Germany on Sunday commemorated what would have been the 100th birthday of Sophie Scholl, a young woman who became an icon for her role in the anti-fascist "White Rose" resistance group.
Scholl and other group members were arrested in 1943 after scattering leaflets critical of Adolf Hitler's regime and the war from a balcony at the University of Munich. She and her brother Hans refused to apologize or give up their co-conspirators, and were executed four days later.
The group's story, contrasting the Scholl siblings' gradual awareness and then rejection of the horrors of National Socialist ideology and militarism with that of millions of Germans who supported the Nazis, has become a staple of history lessons in German schools. It also has been regularly dramatized in films, plays and most recently an Instagram account.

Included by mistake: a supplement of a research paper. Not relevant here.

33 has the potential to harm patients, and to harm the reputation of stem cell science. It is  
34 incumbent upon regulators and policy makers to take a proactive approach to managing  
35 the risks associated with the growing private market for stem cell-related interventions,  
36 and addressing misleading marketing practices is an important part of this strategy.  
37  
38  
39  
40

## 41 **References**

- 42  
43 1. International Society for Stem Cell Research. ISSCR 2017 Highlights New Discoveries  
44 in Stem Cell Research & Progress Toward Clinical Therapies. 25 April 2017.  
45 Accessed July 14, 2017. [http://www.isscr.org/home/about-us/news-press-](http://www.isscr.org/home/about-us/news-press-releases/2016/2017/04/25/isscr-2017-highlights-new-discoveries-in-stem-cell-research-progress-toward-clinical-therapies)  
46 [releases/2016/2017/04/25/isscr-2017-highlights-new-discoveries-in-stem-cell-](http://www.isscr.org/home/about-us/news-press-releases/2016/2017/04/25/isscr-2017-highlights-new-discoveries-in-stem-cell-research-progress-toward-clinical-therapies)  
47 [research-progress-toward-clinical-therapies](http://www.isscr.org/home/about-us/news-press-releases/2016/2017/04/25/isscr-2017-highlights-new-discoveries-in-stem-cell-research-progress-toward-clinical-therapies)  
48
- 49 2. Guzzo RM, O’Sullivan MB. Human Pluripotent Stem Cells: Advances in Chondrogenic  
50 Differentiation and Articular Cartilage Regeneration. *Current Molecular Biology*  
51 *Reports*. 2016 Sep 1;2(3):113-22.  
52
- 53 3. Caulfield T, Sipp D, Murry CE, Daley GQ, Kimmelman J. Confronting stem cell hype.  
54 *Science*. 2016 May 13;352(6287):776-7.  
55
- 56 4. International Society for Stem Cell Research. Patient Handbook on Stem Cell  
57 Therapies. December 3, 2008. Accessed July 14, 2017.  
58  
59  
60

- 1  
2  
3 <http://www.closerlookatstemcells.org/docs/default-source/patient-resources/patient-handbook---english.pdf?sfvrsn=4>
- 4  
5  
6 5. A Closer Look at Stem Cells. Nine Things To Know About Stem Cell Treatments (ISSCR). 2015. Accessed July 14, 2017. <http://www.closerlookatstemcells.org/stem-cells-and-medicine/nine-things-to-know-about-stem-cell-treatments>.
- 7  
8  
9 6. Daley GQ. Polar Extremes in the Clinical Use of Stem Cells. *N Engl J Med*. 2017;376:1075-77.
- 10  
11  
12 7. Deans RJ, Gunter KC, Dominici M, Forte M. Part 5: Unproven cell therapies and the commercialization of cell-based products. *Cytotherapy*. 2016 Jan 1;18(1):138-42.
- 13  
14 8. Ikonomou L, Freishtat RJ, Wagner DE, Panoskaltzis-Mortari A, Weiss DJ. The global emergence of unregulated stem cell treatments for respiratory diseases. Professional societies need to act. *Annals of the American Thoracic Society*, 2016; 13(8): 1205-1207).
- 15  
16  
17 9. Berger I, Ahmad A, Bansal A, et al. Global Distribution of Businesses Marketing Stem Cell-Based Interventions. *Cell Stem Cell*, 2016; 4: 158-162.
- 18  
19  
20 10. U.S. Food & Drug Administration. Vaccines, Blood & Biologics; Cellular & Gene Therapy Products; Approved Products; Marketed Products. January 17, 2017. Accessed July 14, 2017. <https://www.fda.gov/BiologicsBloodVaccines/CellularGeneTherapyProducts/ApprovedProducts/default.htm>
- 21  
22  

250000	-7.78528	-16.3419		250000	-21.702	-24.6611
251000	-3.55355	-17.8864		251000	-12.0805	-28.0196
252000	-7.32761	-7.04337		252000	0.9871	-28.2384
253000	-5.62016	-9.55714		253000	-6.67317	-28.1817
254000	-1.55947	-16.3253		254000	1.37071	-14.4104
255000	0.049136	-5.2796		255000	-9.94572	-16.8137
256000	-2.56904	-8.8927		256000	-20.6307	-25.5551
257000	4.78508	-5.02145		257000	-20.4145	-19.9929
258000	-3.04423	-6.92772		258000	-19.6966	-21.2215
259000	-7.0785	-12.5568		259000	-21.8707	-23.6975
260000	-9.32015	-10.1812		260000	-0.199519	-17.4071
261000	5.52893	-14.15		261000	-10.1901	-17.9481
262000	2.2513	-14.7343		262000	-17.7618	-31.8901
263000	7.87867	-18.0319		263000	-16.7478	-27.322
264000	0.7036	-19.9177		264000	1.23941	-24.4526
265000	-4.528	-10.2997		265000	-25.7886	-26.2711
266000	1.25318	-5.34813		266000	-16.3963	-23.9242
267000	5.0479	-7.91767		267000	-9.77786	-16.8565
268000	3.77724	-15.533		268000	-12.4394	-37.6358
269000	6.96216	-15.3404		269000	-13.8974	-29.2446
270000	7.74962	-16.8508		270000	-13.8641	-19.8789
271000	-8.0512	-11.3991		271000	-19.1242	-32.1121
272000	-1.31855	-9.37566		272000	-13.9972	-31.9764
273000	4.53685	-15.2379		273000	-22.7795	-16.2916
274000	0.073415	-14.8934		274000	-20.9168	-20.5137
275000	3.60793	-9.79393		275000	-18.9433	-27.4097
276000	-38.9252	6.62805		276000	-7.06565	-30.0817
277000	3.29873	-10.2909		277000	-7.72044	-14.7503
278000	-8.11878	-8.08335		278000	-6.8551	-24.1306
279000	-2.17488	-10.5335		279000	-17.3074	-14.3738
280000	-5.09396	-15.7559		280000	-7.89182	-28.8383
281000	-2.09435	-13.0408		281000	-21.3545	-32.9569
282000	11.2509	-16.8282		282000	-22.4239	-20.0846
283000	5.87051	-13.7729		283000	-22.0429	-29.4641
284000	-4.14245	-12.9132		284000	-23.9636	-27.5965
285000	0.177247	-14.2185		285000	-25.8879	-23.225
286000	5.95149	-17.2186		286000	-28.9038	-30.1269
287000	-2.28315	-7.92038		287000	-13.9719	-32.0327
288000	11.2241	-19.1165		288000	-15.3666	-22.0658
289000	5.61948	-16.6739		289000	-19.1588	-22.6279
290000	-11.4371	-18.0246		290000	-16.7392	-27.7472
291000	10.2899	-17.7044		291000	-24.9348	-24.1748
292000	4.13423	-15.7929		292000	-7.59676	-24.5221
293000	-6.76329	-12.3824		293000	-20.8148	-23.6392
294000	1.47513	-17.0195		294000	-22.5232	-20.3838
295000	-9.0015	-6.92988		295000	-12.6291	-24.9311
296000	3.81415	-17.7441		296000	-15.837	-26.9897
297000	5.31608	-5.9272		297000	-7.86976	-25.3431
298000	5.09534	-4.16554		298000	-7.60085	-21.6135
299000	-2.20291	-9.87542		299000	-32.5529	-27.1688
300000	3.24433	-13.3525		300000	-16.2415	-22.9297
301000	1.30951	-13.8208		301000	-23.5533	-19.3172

On Sunday, dozens of young people in Munich took part in a theatrical live performance about Scholl's life — held in the open air due to pandemic restrictions.
Recent attempts by anti-lockdown protesters to portray Sophie Scholl, who was born on May 9, 1921, as an example of the need to resist government rules on mask-wearing and social distancing have been denounced by organizations representing Holocaust survivors, including the International Auschwitz Committee.
Josef Schuster, the head of the German Central Council of Jews, said comparisons between anti-lockdown protesters and the victims of Nazi persecution were "repulsive and intolerable."
The governor of Bavaria, Markus Soeder, paid homage to Scholl on Friday, noting that at 21 she had been willing to "sacrifice this life for freedom, for her stance, for her conscience."